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Navigating the inclusion of family members in a startup’s cap table is a complex decision with advantages and disadvantages. While family funding can provide initial capital and freedom from external investors’ demands, it introduces unique challenges. Founders must carefully consider the dilution of their shares and the impact on their control. Emotional entanglements and unrealistic expectations can strain family dynamics.
However, with clear communication, proper expectation setting, and defined boundaries, family involvement can be valuable to a startup. By understanding the potential pros and cons, entrepreneurs can make informed decisions about family participation in their cap table, ensuring the best path for their startup’s success.
The Secret Ingredient to a Successful Startup: Your Cap Table
The cap table, or cap table, is one of the most important documents for any startup. It outlines the ownership stakes and equity distribution among a company’s shareholders, including founders, investors, employees, and other parties. For early-stage startups, crafting a thoughtful cap table is critical to long-term success.
Family and Friends Funding Round
Founders often turn to family and friends for initial funding when starting a company. While these personal connections can provide capital to get the business up and running, they also mean including family members and friends in your cap table. This decision should not be taken lightly.
Different Levels of Funding
A startup’s cap table evolves through funding rounds, equity grants, and other share issuances. Early decisions about ownership allocation can have lasting impacts. It may be tempting to provide large stakes to family members who contribute capital, but founders must consider the implications down the road.
Family Shares Dilution
Family members’ shares will dilute as more outside investors come on board. This dilution can reduce founders’ control and create messy dynamics if they own a sizable portion, say over 10-15%. Investors may view family members as “dead weight” on the cap table, valuing their contributions less than a traditional investor’s.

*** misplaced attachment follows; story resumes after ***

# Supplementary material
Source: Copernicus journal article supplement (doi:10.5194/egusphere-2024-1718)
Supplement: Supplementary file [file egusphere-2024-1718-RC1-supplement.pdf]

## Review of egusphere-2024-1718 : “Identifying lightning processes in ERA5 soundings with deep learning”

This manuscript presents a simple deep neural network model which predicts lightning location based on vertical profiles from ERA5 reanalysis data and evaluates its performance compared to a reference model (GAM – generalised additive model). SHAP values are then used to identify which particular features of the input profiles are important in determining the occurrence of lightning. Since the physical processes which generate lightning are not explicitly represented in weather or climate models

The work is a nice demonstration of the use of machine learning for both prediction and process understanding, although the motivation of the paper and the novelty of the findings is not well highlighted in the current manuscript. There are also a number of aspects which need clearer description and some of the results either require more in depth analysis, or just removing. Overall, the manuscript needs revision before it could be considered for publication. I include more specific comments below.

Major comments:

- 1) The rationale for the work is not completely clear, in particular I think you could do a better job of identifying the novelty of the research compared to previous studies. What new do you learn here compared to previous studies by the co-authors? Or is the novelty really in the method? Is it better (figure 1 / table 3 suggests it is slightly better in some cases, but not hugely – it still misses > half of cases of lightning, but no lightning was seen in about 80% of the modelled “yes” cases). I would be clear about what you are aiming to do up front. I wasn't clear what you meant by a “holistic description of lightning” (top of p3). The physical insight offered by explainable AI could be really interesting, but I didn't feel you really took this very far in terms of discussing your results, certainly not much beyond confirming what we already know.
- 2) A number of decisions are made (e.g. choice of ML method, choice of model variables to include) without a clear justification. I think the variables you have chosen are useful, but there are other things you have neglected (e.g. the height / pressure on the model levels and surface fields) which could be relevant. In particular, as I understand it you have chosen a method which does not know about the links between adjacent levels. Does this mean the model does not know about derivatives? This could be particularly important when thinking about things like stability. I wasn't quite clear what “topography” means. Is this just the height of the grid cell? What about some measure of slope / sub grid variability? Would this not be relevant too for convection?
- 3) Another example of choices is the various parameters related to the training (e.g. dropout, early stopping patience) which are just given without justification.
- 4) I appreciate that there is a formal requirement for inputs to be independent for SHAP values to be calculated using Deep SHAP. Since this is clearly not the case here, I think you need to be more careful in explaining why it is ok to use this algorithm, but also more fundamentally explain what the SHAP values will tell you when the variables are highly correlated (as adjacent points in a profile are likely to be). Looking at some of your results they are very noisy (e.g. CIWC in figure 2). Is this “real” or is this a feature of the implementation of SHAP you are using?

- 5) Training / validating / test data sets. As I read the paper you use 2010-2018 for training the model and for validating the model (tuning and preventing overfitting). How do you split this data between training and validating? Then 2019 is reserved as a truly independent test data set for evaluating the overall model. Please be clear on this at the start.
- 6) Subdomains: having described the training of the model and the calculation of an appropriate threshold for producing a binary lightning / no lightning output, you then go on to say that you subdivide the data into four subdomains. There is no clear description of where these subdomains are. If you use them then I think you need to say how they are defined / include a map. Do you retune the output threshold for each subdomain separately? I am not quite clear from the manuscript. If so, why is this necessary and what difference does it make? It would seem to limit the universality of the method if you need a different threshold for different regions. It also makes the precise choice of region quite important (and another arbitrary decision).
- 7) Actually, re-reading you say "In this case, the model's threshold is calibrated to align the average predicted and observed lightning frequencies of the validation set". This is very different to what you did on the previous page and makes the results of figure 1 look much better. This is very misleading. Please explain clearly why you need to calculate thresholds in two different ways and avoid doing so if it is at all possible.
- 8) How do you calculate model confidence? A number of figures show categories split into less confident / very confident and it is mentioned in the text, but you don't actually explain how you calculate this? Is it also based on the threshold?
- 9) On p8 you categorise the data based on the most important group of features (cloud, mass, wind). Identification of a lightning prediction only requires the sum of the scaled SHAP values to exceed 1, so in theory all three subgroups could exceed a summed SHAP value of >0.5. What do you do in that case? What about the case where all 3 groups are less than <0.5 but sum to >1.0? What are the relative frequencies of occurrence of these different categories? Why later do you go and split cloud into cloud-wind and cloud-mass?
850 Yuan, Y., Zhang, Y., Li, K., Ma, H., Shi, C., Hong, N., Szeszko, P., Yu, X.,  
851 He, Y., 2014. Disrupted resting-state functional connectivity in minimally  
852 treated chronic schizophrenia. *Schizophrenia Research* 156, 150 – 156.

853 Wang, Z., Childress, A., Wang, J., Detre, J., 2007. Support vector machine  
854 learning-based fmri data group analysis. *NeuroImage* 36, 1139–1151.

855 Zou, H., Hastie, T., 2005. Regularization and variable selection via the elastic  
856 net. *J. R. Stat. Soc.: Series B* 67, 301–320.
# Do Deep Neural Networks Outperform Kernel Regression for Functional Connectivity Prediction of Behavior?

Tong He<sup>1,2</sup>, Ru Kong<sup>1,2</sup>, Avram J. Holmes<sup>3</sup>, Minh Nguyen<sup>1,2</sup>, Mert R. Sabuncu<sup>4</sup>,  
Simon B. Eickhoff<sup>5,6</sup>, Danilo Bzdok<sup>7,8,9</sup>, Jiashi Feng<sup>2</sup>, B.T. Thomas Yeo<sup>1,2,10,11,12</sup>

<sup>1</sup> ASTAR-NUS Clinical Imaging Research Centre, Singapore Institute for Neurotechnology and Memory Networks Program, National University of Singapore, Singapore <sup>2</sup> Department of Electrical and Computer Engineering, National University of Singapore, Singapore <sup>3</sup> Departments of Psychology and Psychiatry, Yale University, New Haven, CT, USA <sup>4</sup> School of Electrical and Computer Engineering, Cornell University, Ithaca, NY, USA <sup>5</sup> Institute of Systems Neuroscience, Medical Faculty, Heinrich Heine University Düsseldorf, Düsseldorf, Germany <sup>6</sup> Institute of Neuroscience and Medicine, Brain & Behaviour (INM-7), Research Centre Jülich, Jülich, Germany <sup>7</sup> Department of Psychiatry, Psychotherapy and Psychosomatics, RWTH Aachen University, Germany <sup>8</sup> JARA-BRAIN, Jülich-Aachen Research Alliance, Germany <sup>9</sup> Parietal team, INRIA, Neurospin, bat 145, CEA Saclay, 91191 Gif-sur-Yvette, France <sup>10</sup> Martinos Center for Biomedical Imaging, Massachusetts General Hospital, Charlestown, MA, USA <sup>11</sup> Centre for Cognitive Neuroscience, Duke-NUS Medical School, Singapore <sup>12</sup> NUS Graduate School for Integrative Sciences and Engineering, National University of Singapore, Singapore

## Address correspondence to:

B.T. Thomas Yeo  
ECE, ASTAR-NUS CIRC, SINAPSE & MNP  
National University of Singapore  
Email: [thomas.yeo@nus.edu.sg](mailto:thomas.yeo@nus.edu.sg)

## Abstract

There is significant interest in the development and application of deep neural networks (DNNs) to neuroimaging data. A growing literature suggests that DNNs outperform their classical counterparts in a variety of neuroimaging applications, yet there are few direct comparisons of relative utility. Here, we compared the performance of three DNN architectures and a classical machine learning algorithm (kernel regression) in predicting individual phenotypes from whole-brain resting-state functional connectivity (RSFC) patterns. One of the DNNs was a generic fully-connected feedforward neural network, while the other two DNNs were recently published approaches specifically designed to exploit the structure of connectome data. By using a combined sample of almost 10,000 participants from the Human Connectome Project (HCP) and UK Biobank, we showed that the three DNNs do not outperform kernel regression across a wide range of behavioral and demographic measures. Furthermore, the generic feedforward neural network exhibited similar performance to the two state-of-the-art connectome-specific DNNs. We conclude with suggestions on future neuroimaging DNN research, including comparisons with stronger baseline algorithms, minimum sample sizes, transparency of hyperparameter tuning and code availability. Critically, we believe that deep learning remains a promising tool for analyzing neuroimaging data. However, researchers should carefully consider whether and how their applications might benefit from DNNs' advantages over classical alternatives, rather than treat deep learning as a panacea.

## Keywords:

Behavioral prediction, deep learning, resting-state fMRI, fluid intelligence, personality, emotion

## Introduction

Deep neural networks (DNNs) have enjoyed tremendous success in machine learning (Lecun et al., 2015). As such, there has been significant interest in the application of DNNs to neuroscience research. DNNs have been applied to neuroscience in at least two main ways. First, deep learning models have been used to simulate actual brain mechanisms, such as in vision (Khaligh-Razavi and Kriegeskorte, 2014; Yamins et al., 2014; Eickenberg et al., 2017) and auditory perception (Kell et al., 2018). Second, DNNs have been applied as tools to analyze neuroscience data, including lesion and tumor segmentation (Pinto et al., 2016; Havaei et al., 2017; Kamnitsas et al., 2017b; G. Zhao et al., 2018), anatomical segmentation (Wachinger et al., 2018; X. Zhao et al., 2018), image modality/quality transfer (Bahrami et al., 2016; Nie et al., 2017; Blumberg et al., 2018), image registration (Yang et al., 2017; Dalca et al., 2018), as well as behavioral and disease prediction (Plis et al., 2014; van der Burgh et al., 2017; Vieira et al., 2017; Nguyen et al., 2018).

While family funding allows founders to avoid giving up equity to outside investors in the early days, it often comes with strings attached. Family members may feel entitled to have a say in business decisions, creating tension and conflict. Their emotional investment in the company and relationship with the founders can also color their judgment.
What Percent to Give Family Member
Keeping family participation in the cap table modest, around 5% or less, is generally advisable. This allows founders to benefit from family capital and support without the downsides of heavy dilution or loss of control. With open communication and well-set expectations, family members can remain meaningfully involved as mentors or advisors rather than significant equity holders.
A startup’s cap table should be designed to set the company up for growth and success. While family funding may provide the initial capital to get a business off the ground, founders must be strategic about how much equity and control they give away to family members. Taking the benefits of family money without the potential costs is possible with care and caution.
Family Money: A Blessing and a Curse for Startups
While not tied to VC funding, family money has no strings attached. Family investors are unlikely to demand a board seat or equity stake that dilutes the founder’s control. They also have a higher risk tolerance and longer-term outlook than traditional investors.